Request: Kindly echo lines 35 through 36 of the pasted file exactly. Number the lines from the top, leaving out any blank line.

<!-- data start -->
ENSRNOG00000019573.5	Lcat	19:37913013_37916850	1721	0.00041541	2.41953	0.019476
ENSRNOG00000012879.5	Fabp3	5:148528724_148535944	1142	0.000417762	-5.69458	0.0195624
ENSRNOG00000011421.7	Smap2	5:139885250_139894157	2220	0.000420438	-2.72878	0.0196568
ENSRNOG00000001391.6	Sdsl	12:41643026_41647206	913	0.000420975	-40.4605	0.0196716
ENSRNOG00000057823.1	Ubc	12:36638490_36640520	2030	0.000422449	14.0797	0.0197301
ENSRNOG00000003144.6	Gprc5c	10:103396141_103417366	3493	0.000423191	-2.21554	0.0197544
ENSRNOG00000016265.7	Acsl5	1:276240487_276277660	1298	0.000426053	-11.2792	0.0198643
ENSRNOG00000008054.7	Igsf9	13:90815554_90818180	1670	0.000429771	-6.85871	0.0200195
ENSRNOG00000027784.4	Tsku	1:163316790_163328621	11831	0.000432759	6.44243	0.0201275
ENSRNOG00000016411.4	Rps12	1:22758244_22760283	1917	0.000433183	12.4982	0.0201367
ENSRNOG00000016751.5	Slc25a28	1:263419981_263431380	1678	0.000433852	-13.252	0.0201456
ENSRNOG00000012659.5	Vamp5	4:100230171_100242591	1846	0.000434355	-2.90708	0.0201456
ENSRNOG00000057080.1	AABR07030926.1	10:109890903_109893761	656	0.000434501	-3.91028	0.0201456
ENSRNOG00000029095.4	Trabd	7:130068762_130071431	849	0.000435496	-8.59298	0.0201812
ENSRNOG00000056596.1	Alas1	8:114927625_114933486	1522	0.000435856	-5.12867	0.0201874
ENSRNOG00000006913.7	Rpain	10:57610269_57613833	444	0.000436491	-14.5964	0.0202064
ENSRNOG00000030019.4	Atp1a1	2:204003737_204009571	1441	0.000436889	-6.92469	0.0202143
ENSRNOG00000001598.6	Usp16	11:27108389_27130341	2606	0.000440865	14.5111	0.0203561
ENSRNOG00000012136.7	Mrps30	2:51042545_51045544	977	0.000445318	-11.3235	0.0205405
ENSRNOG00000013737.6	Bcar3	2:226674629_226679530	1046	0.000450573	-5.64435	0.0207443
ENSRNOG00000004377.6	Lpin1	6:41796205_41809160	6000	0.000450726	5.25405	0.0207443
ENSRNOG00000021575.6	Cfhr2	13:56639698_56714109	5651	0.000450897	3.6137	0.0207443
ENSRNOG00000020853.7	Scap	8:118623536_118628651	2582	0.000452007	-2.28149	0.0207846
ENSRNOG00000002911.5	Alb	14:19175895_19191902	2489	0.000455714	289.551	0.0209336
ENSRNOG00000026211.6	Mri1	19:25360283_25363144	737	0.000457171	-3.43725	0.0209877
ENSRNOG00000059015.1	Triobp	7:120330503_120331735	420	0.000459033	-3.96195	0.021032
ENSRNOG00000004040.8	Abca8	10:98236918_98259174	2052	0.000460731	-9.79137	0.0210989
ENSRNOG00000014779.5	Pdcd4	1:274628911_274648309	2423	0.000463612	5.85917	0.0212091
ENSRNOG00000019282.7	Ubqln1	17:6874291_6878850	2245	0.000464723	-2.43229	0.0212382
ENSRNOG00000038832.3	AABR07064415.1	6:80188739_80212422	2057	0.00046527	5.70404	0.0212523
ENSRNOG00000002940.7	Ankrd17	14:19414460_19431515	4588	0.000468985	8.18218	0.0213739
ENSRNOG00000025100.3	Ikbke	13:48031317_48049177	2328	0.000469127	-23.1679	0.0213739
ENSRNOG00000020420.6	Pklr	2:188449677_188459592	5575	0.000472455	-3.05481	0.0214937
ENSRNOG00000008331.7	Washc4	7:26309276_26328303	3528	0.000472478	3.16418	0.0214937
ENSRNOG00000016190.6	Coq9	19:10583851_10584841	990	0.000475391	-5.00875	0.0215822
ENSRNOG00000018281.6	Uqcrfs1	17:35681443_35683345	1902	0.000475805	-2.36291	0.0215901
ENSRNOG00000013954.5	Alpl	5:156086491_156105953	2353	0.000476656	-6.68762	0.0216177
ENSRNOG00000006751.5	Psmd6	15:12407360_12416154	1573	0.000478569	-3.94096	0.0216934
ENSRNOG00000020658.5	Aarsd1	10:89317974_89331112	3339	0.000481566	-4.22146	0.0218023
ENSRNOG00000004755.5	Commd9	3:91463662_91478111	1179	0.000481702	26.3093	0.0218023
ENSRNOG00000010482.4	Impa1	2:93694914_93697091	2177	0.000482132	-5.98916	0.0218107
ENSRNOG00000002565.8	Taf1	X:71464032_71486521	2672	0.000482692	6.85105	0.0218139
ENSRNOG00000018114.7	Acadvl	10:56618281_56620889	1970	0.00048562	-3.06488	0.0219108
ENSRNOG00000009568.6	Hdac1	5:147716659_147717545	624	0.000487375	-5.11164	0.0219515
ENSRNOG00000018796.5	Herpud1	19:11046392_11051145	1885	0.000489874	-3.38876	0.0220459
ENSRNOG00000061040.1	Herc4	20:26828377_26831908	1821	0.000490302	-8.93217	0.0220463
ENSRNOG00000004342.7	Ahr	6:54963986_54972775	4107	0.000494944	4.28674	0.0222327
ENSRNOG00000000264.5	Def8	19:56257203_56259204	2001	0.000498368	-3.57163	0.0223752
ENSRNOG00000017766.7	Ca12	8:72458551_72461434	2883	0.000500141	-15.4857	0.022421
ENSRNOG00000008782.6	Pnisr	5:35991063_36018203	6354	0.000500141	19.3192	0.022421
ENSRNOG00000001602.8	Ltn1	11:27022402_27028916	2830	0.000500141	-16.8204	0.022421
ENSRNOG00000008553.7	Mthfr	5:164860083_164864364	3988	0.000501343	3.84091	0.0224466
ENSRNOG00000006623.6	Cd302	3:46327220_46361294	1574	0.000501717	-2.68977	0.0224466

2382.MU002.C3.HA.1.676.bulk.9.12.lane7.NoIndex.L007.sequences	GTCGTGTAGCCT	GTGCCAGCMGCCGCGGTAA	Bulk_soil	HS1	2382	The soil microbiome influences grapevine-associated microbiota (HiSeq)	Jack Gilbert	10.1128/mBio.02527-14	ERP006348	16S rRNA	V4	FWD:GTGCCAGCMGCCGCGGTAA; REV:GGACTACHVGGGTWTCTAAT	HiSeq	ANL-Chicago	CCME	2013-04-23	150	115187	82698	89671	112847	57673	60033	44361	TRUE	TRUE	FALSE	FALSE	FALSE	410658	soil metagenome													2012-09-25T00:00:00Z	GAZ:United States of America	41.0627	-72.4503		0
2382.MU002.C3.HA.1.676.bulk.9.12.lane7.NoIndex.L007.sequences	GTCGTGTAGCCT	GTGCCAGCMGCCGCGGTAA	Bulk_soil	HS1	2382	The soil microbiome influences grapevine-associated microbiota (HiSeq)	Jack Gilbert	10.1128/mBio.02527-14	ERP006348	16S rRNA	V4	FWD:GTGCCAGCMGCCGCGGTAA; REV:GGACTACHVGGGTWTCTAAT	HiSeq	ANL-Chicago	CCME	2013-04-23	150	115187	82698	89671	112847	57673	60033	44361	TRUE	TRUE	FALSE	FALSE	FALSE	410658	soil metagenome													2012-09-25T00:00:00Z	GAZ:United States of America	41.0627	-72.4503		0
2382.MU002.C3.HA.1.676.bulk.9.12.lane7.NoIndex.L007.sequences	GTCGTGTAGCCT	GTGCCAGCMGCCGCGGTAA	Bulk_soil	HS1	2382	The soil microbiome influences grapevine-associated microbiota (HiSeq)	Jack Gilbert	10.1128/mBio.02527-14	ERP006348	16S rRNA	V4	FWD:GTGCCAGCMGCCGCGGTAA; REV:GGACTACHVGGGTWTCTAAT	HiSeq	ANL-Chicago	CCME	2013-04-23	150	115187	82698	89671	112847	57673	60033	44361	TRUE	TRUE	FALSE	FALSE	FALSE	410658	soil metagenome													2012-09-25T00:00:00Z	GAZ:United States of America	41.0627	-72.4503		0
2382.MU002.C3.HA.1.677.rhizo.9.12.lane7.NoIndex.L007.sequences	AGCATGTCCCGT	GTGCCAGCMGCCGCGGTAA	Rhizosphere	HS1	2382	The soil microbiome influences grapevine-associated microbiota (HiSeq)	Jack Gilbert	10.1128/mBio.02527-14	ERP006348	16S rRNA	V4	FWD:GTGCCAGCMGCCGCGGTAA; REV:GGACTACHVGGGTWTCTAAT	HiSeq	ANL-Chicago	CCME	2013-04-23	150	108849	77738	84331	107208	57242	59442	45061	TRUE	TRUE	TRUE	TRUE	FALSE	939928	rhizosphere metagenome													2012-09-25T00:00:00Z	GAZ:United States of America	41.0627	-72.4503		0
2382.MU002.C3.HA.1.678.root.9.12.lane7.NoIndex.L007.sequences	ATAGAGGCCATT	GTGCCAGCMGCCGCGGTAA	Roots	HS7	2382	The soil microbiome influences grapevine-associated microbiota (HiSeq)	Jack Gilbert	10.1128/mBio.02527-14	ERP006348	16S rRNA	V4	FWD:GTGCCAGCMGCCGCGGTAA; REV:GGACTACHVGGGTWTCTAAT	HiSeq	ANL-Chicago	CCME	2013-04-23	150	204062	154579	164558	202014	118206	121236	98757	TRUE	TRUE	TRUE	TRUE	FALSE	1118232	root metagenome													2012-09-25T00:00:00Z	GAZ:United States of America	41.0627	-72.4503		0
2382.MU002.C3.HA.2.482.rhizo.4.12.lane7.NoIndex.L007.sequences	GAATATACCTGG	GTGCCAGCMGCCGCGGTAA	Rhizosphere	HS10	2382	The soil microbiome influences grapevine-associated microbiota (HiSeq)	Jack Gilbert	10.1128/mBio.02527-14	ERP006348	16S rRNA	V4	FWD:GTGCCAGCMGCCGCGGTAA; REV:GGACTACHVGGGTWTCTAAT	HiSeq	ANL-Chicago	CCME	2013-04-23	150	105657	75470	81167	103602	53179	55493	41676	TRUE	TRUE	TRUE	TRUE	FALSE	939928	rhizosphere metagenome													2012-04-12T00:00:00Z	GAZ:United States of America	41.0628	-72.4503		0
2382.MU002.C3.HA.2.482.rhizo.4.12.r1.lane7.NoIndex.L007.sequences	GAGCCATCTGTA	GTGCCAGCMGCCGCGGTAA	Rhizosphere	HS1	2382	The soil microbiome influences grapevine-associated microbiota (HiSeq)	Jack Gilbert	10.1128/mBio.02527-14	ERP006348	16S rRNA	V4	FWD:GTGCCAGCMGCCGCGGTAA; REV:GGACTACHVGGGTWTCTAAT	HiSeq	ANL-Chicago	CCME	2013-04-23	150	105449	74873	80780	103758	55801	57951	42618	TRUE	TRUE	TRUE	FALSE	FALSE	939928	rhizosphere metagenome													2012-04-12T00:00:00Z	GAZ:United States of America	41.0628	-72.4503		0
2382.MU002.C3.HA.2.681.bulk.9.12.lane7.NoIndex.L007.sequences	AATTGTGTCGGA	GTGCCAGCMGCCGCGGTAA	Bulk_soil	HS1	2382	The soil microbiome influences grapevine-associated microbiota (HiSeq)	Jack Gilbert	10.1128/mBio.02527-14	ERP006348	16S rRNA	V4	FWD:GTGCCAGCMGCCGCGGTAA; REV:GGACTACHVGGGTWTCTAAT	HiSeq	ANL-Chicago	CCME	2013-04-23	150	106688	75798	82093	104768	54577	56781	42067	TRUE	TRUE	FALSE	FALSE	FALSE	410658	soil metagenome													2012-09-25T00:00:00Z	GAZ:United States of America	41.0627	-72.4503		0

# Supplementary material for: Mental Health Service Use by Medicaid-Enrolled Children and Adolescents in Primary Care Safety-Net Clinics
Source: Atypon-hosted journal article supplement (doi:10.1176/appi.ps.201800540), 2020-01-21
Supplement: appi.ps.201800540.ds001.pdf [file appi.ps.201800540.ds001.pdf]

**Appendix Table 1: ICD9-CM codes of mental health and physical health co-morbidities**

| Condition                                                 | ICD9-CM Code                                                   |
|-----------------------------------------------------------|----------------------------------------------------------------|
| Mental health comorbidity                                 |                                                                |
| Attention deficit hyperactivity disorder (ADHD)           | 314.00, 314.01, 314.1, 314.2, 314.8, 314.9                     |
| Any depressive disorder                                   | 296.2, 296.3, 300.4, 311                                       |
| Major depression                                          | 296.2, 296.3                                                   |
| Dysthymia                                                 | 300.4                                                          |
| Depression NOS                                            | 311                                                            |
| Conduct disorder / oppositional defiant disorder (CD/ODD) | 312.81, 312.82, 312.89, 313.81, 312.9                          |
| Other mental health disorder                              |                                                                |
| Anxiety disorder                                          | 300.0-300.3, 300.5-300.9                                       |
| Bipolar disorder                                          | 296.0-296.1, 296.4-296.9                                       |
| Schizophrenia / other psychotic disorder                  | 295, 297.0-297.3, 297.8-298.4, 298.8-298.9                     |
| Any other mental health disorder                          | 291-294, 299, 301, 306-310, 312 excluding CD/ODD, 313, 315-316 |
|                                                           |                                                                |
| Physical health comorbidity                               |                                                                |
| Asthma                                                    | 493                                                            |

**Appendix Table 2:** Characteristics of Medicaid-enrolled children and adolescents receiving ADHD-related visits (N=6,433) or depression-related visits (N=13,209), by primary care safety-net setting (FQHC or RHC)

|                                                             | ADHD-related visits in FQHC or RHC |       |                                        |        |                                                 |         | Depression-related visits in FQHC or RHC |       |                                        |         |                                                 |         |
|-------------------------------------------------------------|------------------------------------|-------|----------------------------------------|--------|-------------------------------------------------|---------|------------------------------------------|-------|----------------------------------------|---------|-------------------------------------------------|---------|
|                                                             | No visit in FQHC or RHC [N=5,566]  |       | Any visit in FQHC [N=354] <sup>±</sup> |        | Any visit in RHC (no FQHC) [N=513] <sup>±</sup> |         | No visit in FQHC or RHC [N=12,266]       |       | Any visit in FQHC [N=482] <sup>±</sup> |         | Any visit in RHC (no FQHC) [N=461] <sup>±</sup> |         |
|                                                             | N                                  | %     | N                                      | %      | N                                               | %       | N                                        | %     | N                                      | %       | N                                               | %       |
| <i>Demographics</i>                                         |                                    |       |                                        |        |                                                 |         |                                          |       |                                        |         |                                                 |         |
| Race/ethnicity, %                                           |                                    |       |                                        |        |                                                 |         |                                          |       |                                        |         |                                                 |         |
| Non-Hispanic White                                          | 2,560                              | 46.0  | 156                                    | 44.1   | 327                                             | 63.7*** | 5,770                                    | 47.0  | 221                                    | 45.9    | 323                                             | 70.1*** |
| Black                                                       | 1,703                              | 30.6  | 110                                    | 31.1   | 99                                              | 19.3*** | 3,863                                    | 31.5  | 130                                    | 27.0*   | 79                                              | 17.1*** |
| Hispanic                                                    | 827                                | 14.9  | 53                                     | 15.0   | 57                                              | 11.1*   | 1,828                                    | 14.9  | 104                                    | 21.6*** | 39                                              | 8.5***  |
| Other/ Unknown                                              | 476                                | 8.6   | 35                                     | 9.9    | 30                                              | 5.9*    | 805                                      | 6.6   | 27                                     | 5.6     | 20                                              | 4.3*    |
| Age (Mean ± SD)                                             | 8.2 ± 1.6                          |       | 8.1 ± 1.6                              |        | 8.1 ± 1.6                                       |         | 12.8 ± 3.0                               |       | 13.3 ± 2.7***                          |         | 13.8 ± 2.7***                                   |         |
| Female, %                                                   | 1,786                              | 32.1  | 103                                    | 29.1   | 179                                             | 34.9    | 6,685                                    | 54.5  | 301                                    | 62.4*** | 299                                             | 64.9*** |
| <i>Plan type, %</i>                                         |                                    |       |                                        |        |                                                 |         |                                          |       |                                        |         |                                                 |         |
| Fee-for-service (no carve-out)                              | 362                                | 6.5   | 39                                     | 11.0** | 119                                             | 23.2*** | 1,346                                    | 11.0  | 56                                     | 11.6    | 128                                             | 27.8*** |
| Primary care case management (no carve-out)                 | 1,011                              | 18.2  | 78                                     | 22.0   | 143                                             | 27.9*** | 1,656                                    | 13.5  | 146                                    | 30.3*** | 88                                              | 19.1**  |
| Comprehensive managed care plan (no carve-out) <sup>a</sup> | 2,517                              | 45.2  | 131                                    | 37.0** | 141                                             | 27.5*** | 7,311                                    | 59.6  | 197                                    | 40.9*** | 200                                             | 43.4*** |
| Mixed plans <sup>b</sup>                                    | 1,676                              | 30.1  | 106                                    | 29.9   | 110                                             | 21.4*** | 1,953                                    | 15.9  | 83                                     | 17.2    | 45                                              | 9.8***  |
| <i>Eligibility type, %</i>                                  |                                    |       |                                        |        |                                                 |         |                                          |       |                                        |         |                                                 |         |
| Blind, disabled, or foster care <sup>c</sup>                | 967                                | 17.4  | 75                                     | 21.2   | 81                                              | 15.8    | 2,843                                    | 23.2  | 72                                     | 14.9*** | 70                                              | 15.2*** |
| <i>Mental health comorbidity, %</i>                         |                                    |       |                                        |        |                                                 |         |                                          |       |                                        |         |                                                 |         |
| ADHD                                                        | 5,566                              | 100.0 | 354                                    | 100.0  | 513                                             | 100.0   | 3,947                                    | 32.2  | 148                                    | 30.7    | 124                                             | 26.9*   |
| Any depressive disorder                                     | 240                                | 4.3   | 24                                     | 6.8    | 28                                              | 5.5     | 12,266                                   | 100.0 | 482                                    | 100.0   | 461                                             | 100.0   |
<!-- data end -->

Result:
ENSRNOG00000016190.6	Coq9	19:10583851_10584841	990	0.000475391	-5.00875	0.0215822
ENSRNOG00000018281.6	Uqcrfs1	17:35681443_35683345	1902	0.000475805	-2.36291	0.0215901